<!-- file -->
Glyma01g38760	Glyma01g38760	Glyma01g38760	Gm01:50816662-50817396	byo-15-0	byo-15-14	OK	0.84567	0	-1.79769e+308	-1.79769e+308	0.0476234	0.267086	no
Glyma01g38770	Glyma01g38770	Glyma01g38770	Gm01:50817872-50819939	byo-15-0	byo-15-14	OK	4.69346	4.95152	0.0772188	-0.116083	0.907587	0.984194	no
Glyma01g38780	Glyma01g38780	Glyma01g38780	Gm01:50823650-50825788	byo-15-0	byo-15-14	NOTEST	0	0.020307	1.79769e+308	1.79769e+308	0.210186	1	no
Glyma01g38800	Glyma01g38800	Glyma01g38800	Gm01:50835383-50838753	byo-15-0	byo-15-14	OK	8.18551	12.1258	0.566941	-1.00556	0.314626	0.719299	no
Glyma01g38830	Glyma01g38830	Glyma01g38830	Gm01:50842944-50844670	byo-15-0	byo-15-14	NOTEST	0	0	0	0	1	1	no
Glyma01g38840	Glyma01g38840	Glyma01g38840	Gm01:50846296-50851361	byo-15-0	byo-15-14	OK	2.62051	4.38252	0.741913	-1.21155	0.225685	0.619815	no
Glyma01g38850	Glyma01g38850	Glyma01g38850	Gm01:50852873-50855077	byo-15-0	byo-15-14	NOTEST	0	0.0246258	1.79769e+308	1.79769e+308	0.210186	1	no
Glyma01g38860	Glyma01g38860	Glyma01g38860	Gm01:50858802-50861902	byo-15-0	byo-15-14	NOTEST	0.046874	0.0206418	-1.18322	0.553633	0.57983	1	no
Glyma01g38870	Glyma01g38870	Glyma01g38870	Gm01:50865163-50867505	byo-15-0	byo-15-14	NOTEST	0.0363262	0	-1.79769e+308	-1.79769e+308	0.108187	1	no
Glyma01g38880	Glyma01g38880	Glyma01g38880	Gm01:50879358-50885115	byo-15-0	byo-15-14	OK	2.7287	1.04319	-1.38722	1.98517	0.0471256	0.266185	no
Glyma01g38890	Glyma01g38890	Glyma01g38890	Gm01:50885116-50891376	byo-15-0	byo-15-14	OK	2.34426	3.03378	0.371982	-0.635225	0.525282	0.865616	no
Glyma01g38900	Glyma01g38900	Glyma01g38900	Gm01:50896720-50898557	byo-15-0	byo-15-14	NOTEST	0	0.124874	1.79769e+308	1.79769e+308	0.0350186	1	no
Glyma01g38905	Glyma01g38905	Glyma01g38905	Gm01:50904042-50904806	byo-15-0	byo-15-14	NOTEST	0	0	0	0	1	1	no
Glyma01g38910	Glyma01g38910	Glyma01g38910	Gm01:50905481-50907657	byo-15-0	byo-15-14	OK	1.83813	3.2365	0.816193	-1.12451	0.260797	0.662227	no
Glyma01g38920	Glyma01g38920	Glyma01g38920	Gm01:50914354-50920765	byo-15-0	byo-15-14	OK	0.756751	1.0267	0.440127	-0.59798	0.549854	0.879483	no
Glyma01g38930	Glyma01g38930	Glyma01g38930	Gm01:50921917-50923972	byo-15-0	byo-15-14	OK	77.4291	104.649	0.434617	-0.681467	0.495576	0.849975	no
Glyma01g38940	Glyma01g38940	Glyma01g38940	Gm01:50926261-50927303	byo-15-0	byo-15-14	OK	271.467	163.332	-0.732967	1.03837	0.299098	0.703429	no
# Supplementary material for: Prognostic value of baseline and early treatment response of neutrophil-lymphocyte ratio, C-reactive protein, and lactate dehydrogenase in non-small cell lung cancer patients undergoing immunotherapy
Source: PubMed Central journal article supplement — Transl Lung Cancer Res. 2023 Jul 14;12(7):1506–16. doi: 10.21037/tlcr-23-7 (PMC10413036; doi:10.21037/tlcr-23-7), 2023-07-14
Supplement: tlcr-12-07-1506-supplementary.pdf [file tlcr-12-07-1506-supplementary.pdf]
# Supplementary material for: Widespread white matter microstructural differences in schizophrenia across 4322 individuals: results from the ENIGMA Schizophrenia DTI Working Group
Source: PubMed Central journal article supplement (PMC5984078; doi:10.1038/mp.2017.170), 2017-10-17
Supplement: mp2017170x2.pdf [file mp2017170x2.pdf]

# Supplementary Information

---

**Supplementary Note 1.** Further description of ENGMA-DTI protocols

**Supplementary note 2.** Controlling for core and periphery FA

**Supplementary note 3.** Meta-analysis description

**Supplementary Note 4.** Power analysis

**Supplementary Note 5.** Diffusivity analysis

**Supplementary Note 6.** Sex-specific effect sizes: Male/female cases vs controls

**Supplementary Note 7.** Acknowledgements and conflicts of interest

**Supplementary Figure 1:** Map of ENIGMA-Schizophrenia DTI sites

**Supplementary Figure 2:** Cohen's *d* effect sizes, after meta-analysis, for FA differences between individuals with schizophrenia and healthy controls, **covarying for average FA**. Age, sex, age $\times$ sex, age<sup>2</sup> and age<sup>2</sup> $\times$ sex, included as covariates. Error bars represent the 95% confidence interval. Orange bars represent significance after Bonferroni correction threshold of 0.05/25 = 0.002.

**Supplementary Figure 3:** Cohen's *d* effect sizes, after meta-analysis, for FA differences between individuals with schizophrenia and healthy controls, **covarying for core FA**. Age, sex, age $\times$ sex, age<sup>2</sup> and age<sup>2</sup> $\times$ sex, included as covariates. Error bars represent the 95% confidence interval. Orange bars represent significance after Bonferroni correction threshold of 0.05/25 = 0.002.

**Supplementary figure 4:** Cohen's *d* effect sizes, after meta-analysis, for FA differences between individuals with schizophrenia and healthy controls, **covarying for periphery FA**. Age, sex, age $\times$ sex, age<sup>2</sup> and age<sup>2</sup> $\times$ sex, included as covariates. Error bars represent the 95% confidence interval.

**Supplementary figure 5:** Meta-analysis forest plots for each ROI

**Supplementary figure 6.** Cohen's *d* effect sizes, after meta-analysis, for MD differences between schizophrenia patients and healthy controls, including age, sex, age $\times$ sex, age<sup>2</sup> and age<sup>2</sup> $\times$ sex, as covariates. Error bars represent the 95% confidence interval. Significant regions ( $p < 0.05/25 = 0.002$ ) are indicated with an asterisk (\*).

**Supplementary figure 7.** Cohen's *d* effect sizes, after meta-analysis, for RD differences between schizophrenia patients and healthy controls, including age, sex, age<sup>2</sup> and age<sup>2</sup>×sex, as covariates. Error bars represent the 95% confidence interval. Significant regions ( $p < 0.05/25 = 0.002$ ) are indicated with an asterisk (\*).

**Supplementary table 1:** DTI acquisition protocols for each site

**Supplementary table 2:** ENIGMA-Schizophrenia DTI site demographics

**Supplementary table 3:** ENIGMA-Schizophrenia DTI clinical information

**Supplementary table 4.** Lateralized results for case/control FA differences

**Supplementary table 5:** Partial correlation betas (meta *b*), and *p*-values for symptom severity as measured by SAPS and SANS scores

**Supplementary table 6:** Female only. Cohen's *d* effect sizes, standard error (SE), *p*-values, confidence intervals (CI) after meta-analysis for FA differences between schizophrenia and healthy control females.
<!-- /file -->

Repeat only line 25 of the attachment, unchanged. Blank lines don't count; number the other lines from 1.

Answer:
---